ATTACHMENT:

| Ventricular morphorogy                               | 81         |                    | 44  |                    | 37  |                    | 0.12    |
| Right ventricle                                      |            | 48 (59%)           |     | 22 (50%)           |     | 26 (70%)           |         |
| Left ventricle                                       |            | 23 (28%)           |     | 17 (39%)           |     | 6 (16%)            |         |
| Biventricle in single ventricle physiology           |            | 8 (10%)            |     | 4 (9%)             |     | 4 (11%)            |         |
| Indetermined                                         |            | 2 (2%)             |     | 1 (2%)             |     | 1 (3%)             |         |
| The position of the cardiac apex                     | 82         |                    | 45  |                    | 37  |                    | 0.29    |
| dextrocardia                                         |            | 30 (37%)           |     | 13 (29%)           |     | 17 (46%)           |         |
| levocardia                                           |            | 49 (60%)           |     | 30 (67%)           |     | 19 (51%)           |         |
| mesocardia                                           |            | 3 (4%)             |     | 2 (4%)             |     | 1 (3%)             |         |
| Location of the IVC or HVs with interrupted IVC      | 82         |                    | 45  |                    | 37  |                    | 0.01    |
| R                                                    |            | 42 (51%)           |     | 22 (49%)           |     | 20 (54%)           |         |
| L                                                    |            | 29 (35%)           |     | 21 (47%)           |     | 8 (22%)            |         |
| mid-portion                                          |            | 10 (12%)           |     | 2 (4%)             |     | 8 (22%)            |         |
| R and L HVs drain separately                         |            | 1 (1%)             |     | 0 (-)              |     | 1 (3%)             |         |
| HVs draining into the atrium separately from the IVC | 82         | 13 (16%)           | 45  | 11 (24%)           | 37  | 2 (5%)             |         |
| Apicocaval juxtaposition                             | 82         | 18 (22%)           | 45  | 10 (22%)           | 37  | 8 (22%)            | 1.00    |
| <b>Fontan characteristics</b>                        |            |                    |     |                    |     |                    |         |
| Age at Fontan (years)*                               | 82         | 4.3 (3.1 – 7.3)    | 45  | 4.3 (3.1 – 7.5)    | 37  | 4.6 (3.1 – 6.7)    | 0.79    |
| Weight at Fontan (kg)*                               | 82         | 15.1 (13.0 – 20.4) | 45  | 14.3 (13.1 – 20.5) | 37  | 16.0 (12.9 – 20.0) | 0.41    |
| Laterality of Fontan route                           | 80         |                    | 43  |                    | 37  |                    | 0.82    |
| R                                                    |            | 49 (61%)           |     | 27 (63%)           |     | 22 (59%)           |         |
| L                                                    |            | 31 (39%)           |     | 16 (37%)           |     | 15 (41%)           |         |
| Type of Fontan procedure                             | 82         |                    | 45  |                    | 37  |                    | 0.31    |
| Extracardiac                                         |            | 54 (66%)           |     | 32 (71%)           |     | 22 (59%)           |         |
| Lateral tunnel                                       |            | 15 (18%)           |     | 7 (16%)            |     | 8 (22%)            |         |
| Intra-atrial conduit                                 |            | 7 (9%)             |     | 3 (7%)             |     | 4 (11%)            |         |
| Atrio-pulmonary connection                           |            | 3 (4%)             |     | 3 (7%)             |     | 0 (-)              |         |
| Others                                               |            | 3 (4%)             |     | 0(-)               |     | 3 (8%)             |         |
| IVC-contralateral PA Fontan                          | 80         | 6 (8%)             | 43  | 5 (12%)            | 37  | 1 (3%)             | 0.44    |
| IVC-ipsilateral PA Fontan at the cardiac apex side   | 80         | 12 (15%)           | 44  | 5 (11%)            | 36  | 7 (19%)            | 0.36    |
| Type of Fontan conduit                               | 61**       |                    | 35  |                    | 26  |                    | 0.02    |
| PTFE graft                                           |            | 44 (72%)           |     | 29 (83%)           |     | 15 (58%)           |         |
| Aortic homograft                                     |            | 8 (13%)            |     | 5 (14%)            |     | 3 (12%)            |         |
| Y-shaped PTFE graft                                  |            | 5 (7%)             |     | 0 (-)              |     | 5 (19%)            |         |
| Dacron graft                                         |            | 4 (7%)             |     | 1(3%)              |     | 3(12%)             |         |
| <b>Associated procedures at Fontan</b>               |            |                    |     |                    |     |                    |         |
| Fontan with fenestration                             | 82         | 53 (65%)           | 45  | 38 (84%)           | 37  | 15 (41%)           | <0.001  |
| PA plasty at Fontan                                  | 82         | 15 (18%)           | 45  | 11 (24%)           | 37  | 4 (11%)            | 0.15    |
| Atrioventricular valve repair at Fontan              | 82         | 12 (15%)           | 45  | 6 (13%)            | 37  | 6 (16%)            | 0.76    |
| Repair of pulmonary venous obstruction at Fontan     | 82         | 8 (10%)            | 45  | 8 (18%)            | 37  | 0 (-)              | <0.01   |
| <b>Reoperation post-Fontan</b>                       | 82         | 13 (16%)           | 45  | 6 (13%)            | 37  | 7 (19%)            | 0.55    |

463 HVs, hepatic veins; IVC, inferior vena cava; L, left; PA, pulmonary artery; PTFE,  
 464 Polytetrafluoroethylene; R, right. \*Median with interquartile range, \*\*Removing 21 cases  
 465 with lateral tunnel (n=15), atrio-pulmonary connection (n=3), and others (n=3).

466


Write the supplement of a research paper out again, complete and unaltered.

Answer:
| Ventricular morphorogy                               | 81         |                    | 44  |                    | 37  |                    | 0.12    |
| Right ventricle                                      |            | 48 (59%)           |     | 22 (50%)           |     | 26 (70%)           |         |
| Left ventricle                                       |            | 23 (28%)           |     | 17 (39%)           |     | 6 (16%)            |         |
| Biventricle in single ventricle physiology           |            | 8 (10%)            |     | 4 (9%)             |     | 4 (11%)            |         |
| Indetermined                                         |            | 2 (2%)             |     | 1 (2%)             |     | 1 (3%)             |         |
| The position of the cardiac apex                     | 82         |                    | 45  |                    | 37  |                    | 0.29    |
| dextrocardia                                         |            | 30 (37%)           |     | 13 (29%)           |     | 17 (46%)           |         |
| levocardia                                           |            | 49 (60%)           |     | 30 (67%)           |     | 19 (51%)           |         |
| mesocardia                                           |            | 3 (4%)             |     | 2 (4%)             |     | 1 (3%)             |         |
| Location of the IVC or HVs with interrupted IVC      | 82         |                    | 45  |                    | 37  |                    | 0.01    |
| R                                                    |            | 42 (51%)           |     | 22 (49%)           |     | 20 (54%)           |         |
| L                                                    |            | 29 (35%)           |     | 21 (47%)           |     | 8 (22%)            |         |
| mid-portion                                          |            | 10 (12%)           |     | 2 (4%)             |     | 8 (22%)            |         |
| R and L HVs drain separately                         |            | 1 (1%)             |     | 0 (-)              |     | 1 (3%)             |         |
| HVs draining into the atrium separately from the IVC | 82         | 13 (16%)           | 45  | 11 (24%)           | 37  | 2 (5%)             |         |
| Apicocaval juxtaposition                             | 82         | 18 (22%)           | 45  | 10 (22%)           | 37  | 8 (22%)            | 1.00    |
| <b>Fontan characteristics</b>                        |            |                    |     |                    |     |                    |         |
| Age at Fontan (years)*                               | 82         | 4.3 (3.1 – 7.3)    | 45  | 4.3 (3.1 – 7.5)    | 37  | 4.6 (3.1 – 6.7)    | 0.79    |
| Weight at Fontan (kg)*                               | 82         | 15.1 (13.0 – 20.4) | 45  | 14.3 (13.1 – 20.5) | 37  | 16.0 (12.9 – 20.0) | 0.41    |
| Laterality of Fontan route                           | 80         |                    | 43  |                    | 37  |                    | 0.82    |
| R                                                    |            | 49 (61%)           |     | 27 (63%)           |     | 22 (59%)           |         |
| L                                                    |            | 31 (39%)           |     | 16 (37%)           |     | 15 (41%)           |         |
| Type of Fontan procedure                             | 82         |                    | 45  |                    | 37  |                    | 0.31    |
| Extracardiac                                         |            | 54 (66%)           |     | 32 (71%)           |     | 22 (59%)           |         |
| Lateral tunnel                                       |            | 15 (18%)           |     | 7 (16%)            |     | 8 (22%)            |         |
| Intra-atrial conduit                                 |            | 7 (9%)             |     | 3 (7%)             |     | 4 (11%)            |         |
| Atrio-pulmonary connection                           |            | 3 (4%)             |     | 3 (7%)             |     | 0 (-)              |         |
| Others                                               |            | 3 (4%)             |     | 0(-)               |     | 3 (8%)             |         |
| IVC-contralateral PA Fontan                          | 80         | 6 (8%)             | 43  | 5 (12%)            | 37  | 1 (3%)             | 0.44    |
| IVC-ipsilateral PA Fontan at the cardiac apex side   | 80         | 12 (15%)           | 44  | 5 (11%)            | 36  | 7 (19%)            | 0.36    |
| Type of Fontan conduit                               | 61**       |                    | 35  |                    | 26  |                    | 0.02    |
| PTFE graft                                           |            | 44 (72%)           |     | 29 (83%)           |     | 15 (58%)           |         |
| Aortic homograft                                     |            | 8 (13%)            |     | 5 (14%)            |     | 3 (12%)            |         |
| Y-shaped PTFE graft                                  |            | 5 (7%)             |     | 0 (-)              |     | 5 (19%)            |         |
| Dacron graft                                         |            | 4 (7%)             |     | 1(3%)              |     | 3(12%)             |         |
| <b>Associated procedures at Fontan</b>               |            |                    |     |                    |     |                    |         |
| Fontan with fenestration                             | 82         | 53 (65%)           | 45  | 38 (84%)           | 37  | 15 (41%)           | <0.001  |
| PA plasty at Fontan                                  | 82         | 15 (18%)           | 45  | 11 (24%)           | 37  | 4 (11%)            | 0.15    |
| Atrioventricular valve repair at Fontan              | 82         | 12 (15%)           | 45  | 6 (13%)            | 37  | 6 (16%)            | 0.76    |
| Repair of pulmonary venous obstruction at Fontan     | 82         | 8 (10%)            | 45  | 8 (18%)            | 37  | 0 (-)              | <0.01   |
| <b>Reoperation post-Fontan</b>                       | 82         | 13 (16%)           | 45  | 6 (13%)            | 37  | 7 (19%)            | 0.55    |

463 HVs, hepatic veins; IVC, inferior vena cava; L, left; PA, pulmonary artery; PTFE,  
 464 Polytetrafluoroethylene; R, right. \*Median with interquartile range, \*\*Removing 21 cases  
 465 with lateral tunnel (n=15), atrio-pulmonary connection (n=3), and others (n=3).

466